This study has some limitations. First, I use cross-sectional data that do not allow controlling for the effects of experience. If firms have been engaged in innovation activities in the past, this is likely to affect their future strategies. Also, cross-sectional data make it difficult fully to substantiate causal arguments. Future research should analyse the relationship between social capital and innovation using longitudinal data.
Another limitation is that this study considers a sample of Italian firms. While most research on social capital considers Italy based on its evident regional differences in this regard, there may be country specificities that might limit the generalizability of the findings. Future research should test the hypotheses in this chapter using a sample of firms located in other countries, which would be informative about different country patterns.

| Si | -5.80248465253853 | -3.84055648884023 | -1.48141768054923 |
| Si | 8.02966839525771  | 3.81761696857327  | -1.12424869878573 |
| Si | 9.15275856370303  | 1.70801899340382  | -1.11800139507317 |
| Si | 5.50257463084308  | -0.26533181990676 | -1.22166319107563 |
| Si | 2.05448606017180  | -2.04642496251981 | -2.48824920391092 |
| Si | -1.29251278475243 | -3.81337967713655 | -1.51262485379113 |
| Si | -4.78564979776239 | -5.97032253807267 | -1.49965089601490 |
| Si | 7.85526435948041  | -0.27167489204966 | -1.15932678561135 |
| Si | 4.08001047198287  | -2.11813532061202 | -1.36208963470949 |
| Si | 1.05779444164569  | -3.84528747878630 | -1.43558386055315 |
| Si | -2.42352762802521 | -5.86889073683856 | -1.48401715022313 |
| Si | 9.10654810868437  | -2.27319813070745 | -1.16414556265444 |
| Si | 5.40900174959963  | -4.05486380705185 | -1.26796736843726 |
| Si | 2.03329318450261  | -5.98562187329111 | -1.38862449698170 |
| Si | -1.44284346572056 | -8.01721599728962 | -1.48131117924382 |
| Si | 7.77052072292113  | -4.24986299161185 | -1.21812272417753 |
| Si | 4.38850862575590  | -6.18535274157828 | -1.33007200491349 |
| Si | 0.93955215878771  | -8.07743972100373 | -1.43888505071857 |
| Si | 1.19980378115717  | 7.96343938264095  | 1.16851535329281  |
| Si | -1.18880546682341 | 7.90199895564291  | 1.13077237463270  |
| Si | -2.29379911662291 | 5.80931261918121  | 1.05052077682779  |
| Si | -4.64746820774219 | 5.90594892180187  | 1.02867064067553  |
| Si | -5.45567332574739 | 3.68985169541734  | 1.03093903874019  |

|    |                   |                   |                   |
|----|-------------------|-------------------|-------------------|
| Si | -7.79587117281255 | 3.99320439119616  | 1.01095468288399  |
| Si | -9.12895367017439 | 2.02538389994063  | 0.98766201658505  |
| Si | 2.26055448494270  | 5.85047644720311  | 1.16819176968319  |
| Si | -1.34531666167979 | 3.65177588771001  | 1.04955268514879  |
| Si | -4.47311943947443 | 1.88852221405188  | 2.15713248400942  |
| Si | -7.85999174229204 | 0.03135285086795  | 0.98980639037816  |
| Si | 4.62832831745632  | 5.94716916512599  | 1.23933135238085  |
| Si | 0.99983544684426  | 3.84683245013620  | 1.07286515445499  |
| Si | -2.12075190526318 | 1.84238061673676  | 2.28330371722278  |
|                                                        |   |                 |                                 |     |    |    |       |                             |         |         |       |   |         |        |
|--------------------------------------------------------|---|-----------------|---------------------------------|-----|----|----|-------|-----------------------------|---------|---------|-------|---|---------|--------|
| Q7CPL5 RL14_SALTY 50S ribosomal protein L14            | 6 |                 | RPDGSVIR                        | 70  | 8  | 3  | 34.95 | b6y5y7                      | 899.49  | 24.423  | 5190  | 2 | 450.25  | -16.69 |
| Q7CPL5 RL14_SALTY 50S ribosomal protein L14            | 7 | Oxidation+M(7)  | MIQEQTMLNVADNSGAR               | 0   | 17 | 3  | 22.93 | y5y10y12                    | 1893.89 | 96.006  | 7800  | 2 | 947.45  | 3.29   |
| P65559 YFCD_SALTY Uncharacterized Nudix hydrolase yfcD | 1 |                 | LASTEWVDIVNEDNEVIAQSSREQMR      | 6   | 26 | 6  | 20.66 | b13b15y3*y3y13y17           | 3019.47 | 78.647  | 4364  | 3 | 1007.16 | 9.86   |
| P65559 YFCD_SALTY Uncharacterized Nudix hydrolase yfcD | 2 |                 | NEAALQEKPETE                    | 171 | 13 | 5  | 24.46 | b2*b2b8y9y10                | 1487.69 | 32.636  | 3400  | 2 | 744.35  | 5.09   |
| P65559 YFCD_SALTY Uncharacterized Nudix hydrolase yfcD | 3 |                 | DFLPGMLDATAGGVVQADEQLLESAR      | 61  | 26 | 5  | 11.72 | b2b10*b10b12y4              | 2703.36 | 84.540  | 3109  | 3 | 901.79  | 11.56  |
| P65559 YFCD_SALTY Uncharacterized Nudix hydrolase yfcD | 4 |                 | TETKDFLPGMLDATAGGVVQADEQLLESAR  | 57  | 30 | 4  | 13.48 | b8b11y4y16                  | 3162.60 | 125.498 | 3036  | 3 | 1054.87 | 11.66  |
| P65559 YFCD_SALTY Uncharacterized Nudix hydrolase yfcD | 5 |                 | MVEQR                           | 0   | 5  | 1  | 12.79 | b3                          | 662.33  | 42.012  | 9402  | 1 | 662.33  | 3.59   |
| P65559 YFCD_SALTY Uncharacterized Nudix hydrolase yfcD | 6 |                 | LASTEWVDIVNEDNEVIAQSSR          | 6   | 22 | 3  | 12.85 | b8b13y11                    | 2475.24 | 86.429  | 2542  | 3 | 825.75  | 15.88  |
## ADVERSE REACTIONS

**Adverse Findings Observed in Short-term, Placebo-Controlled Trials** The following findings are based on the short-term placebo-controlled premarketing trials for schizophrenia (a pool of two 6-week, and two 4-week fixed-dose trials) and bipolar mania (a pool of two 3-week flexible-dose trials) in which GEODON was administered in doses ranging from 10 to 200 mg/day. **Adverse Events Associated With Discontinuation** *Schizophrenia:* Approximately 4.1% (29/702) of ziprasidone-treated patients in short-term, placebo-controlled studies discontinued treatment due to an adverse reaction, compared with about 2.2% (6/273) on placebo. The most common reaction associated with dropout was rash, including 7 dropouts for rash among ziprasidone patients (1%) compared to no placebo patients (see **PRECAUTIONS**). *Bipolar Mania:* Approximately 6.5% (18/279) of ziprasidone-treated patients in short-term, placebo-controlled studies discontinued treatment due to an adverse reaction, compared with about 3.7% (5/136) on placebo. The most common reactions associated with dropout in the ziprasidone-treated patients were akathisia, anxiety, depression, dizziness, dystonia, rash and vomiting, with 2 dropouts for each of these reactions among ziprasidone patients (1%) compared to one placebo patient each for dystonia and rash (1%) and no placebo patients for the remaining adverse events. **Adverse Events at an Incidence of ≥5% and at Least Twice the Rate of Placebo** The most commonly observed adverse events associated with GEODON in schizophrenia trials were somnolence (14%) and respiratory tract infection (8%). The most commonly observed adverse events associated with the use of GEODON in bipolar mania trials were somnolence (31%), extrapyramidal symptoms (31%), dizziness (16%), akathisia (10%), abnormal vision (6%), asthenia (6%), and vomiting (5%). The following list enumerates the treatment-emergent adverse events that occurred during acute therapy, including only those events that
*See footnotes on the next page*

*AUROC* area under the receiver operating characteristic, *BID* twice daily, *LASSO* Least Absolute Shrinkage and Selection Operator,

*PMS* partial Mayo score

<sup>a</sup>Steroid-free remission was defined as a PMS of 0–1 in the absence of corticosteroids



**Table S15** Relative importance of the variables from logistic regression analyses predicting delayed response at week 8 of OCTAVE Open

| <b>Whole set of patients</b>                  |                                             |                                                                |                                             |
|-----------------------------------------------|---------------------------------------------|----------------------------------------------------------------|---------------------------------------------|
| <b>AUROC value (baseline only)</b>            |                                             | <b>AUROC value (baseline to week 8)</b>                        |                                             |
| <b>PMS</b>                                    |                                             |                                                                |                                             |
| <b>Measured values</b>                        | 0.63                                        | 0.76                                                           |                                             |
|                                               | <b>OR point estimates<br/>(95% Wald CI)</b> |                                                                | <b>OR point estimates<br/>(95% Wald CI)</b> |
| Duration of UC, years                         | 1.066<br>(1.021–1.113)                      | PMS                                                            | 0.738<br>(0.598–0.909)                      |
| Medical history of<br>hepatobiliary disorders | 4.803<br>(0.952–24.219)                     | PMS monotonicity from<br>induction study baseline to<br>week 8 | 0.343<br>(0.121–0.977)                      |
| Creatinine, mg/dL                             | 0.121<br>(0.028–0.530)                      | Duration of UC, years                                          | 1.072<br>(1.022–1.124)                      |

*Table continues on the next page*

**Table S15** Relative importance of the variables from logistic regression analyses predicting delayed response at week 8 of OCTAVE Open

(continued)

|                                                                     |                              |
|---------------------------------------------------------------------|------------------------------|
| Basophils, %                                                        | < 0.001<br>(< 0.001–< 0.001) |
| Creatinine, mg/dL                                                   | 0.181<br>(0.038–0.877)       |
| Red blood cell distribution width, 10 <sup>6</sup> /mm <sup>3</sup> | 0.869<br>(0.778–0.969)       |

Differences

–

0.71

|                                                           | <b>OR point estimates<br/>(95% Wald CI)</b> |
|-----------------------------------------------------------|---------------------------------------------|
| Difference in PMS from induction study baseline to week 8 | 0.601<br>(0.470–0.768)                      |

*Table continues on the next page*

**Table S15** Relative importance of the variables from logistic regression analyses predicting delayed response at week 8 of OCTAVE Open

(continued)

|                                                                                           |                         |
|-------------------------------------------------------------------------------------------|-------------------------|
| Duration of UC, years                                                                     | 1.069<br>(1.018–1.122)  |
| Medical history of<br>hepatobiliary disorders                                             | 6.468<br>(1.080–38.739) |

Moreover, this chapter explores the relationship between social capital and firms' degree of innovation in terms of incremental and radical innovations. Future research should investigate how entrepreneurs' and geographically bound social capital affect the firms' probability to introduce product and process innovations. Product innovation involves the creation of technologically new products, whereas process innovation involves new elements introduced into an organization's production or service activities in terms of task specifications, work and information flow input factors, and machinery used to manufacture a product or deliver a service (Abernathy and Utterback 1975; Freeman and Soete 1997; Rosenberg 1976; Tushman and Anderson 1986). Product innovation requires extensive processes of explorative search and interaction with many different internal and external sources of knowledge (Brown and Eisenhardt 1995). In contrast, process innovation has been described by Tushman and Rosenkopf (1992: 313) as "the most primitive form of innovation" and typically requires less search outside the organization. Process innovations are often the result of learning-by-using and learning-by-doing, as a consequence of the organization's experience of using new technology (Hatch & Mowery 1998; Rosenberg 1982). Accordingly, process innovations are the outcome of managerial decisions about how best to organize the firm to optimize the efficiency of its internal procedures and routines. As a result, process innovations are often not licensed or sold to other organizations (Arora et al. 2001). Moreover, given the difficulties in defining process innovations precisely, secrecy is in general more effective to protect the return from process innovation rather than product innovation (Cohen et al. 2000; Levin et al. 1987). Obviously, the role of secrecy reduces the scope for external interaction in the innovation process. In sum, these arguments lead to the conjecture that social capital increases the likelihood of firms introducing product innovation more than process innovation.